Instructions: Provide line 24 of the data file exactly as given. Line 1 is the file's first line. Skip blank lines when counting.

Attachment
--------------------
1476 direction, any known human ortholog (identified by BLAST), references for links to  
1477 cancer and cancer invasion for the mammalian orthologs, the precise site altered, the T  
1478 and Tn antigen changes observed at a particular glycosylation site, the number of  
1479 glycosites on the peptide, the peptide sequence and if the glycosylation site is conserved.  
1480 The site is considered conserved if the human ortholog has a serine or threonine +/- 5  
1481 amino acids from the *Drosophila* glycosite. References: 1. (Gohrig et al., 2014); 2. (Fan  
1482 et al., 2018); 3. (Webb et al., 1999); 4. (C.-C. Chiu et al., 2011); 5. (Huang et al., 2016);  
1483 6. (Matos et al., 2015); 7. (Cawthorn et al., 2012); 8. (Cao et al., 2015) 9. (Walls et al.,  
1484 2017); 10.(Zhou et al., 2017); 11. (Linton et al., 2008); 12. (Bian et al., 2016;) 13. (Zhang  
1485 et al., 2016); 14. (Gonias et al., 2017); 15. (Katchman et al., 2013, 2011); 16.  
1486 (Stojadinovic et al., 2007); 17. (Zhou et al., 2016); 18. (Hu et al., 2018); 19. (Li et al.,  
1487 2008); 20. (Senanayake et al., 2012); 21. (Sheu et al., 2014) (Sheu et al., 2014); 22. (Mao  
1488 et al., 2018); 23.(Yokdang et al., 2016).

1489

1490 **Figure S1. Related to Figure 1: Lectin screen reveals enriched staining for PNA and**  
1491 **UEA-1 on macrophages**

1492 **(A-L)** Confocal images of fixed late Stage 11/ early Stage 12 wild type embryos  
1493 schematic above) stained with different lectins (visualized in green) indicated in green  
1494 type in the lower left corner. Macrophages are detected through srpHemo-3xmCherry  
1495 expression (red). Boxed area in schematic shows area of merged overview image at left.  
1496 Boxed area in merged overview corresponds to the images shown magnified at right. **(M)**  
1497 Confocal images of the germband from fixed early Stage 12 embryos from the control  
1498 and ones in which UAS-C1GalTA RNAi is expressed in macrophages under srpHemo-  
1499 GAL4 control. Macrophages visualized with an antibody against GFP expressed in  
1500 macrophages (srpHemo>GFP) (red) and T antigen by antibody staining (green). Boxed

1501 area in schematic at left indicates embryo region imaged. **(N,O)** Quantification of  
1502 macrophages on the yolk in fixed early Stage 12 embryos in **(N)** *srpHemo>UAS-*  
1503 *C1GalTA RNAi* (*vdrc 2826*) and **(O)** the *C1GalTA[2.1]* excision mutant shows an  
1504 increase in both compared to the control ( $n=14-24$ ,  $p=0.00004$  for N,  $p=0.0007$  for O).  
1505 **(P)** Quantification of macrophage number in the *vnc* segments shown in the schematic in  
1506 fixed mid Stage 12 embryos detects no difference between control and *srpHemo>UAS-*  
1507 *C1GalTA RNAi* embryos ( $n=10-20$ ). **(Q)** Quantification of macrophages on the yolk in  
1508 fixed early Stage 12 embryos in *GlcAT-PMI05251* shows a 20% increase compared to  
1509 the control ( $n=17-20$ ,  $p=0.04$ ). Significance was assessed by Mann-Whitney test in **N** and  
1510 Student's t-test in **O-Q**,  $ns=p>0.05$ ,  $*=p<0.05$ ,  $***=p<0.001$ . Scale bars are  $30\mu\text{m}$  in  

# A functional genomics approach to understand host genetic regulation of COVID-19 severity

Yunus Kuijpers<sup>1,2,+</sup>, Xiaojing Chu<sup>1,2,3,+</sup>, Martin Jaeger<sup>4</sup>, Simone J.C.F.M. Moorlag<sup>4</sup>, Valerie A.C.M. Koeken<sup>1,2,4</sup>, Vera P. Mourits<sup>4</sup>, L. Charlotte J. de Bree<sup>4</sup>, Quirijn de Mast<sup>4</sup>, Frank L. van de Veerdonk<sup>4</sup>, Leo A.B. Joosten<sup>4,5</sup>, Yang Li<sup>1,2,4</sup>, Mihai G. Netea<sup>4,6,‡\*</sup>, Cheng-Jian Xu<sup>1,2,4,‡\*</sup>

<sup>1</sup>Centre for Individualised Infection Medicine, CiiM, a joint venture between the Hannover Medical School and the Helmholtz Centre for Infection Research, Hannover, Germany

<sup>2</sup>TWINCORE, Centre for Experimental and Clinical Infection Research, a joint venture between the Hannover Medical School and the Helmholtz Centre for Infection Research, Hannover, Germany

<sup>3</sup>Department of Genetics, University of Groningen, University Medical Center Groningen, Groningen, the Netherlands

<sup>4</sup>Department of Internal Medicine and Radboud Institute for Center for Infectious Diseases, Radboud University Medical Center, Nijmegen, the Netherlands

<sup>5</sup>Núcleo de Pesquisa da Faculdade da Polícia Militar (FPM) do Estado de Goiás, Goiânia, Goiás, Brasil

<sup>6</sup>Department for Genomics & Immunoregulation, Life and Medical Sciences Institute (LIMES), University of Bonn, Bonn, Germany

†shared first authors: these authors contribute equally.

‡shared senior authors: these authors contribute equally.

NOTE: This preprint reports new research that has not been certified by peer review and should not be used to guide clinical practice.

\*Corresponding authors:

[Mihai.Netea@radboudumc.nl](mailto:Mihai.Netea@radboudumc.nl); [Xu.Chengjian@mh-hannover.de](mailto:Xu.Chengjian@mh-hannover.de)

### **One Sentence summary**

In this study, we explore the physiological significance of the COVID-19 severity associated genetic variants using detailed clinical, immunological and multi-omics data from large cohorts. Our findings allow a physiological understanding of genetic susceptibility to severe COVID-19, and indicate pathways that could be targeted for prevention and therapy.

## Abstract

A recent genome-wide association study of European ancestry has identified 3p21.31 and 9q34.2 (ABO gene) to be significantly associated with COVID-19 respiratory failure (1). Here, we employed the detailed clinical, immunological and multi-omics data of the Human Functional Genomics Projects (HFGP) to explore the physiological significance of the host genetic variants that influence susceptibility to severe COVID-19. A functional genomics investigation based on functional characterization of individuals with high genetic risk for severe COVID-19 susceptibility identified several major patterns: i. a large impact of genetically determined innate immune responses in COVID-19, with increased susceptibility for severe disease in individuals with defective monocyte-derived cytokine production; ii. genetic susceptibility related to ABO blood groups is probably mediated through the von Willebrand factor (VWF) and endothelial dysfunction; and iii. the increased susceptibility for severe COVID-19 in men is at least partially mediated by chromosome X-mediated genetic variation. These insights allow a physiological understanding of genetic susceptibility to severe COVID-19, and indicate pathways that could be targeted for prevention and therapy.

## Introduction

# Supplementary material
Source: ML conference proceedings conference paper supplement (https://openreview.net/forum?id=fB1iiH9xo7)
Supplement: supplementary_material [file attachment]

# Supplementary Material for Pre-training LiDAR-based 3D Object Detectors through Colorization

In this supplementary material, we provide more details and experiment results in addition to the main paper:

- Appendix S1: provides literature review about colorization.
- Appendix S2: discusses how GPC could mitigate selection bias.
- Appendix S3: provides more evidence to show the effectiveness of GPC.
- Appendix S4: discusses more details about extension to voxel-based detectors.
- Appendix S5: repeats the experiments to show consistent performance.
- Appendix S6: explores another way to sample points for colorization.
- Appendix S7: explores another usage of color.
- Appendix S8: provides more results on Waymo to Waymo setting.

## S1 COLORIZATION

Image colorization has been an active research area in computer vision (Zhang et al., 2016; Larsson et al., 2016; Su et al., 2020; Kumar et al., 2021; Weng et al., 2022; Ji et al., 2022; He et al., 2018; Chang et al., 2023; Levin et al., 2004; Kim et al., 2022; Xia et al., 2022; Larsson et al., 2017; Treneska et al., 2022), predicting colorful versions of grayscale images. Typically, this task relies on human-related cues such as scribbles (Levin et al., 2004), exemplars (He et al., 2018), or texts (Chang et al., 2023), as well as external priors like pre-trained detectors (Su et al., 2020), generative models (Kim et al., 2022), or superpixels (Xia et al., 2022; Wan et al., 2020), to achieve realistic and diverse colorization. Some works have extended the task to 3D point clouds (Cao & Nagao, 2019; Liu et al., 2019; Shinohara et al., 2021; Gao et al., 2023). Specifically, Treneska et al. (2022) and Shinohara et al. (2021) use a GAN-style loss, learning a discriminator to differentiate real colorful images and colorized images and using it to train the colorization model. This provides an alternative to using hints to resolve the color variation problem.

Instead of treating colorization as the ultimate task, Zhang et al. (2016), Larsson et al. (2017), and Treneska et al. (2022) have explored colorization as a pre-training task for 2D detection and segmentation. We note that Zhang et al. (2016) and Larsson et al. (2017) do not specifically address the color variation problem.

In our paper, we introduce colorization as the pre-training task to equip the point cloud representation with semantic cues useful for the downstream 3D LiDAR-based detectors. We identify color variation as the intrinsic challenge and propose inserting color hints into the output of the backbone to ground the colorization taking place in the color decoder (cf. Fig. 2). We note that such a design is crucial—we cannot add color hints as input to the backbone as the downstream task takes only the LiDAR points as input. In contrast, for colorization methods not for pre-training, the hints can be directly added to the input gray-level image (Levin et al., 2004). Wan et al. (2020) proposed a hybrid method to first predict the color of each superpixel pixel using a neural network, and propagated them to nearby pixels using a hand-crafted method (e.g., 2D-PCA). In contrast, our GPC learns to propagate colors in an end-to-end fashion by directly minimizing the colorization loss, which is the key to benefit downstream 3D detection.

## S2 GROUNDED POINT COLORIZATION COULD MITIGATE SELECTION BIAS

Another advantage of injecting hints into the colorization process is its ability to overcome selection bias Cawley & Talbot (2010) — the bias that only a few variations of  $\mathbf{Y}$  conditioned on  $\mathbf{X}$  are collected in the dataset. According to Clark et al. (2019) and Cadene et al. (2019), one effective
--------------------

1499 GAL4 control. Macrophages visualized with an antibody against GFP expressed in  